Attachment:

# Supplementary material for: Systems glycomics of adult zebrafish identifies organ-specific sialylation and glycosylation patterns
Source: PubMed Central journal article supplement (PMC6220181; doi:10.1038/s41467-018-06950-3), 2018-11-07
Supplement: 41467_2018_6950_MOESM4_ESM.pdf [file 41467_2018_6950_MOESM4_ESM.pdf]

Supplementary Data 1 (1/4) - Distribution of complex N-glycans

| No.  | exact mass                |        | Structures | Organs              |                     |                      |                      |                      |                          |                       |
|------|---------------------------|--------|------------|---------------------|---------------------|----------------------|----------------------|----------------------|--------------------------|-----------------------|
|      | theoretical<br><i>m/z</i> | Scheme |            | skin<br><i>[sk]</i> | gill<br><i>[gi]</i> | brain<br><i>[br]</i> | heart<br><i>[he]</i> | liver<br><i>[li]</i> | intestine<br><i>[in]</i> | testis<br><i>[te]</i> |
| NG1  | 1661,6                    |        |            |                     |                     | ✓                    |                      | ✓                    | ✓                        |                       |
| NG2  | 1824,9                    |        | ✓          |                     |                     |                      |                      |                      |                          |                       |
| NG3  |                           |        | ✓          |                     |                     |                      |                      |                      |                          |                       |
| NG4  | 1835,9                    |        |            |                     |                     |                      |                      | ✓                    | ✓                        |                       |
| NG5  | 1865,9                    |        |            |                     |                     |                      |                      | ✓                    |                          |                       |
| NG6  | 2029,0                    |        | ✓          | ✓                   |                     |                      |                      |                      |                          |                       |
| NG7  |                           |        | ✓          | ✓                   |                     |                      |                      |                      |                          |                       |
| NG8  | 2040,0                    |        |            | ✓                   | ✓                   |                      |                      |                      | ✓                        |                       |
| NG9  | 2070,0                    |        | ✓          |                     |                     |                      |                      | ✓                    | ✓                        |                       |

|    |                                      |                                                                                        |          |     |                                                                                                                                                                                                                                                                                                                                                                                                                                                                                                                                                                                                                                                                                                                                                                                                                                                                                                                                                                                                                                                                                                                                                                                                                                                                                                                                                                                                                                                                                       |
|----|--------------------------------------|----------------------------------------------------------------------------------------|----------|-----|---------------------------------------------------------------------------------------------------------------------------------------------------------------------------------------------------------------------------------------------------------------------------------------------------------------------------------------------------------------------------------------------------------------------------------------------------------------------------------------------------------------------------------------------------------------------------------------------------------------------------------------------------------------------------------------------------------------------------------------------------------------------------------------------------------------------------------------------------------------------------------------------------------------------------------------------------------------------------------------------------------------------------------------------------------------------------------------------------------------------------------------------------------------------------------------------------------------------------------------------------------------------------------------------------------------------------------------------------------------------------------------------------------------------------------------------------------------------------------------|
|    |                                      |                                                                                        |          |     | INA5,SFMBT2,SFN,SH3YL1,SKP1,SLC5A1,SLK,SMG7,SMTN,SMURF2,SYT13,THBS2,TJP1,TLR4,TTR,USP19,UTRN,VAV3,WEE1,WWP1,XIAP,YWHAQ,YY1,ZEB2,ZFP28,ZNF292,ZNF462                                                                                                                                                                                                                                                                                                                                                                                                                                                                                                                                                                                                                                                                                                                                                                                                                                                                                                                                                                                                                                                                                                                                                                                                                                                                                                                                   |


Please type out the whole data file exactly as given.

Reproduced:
# Supplementary material for: Systems glycomics of adult zebrafish identifies organ-specific sialylation and glycosylation patterns
Source: PubMed Central journal article supplement (PMC6220181; doi:10.1038/s41467-018-06950-3), 2018-11-07
Supplement: 41467_2018_6950_MOESM4_ESM.pdf [file 41467_2018_6950_MOESM4_ESM.pdf]

Supplementary Data 1 (1/4) - Distribution of complex N-glycans

| No.  | exact mass                |        | Structures | Organs              |                     |                      |                      |                      |                          |                       |
|------|---------------------------|--------|------------|---------------------|---------------------|----------------------|----------------------|----------------------|--------------------------|-----------------------|
|      | theoretical<br><i>m/z</i> | Scheme |            | skin<br><i>[sk]</i> | gill<br><i>[gi]</i> | brain<br><i>[br]</i> | heart<br><i>[he]</i> | liver<br><i>[li]</i> | intestine<br><i>[in]</i> | testis<br><i>[te]</i> |
| NG1  | 1661,6                    |        |            |                     |                     | ✓                    |                      | ✓                    | ✓                        |                       |
| NG2  | 1824,9                    |        | ✓          |                     |                     |                      |                      |                      |                          |                       |
| NG3  |                           |        | ✓          |                     |                     |                      |                      |                      |                          |                       |
| NG4  | 1835,9                    |        |            |                     |                     |                      |                      | ✓                    | ✓                        |                       |
| NG5  | 1865,9                    |        |            |                     |                     |                      |                      | ✓                    |                          |                       |
| NG6  | 2029,0                    |        | ✓          | ✓                   |                     |                      |                      |                      |                          |                       |
| NG7  |                           |        | ✓          | ✓                   |                     |                      |                      |                      |                          |                       |
| NG8  | 2040,0                    |        |            | ✓                   | ✓                   |                      |                      |                      | ✓                        |                       |
| NG9  | 2070,0                    |        | ✓          |                     |                     |                      |                      | ✓                    | ✓                        |                       |

|    |                                      |                                                                                        |          |     |                                                                                                                                                                                                                                                                                                                                                                                                                                                                                                                                                                                                                                                                                                                                                                                                                                                                                                                                                                                                                                                                                                                                                                                                                                                                                                                                                                                                                                                                                       |
|----|--------------------------------------|----------------------------------------------------------------------------------------|----------|-----|---------------------------------------------------------------------------------------------------------------------------------------------------------------------------------------------------------------------------------------------------------------------------------------------------------------------------------------------------------------------------------------------------------------------------------------------------------------------------------------------------------------------------------------------------------------------------------------------------------------------------------------------------------------------------------------------------------------------------------------------------------------------------------------------------------------------------------------------------------------------------------------------------------------------------------------------------------------------------------------------------------------------------------------------------------------------------------------------------------------------------------------------------------------------------------------------------------------------------------------------------------------------------------------------------------------------------------------------------------------------------------------------------------------------------------------------------------------------------------------|
|    |                                      |                                                                                        |          |     | INA5,SFMBT2,SFN,SH3YL1,SKP1,SLC5A1,SLK,SMG7,SMTN,SMURF2,SYT13,THBS2,TJP1,TLR4,TTR,USP19,UTRN,VAV3,WEE1,WWP1,XIAP,YWHAQ,YY1,ZEB2,ZFP28,ZNF292,ZNF462                                                                                                                                                                                                                                                                                                                                                                                                                                                                                                                                                                                                                                                                                                                                                                                                                                                                                                                                                                                                                                                                                                                                                                                                                                                                                                                                   |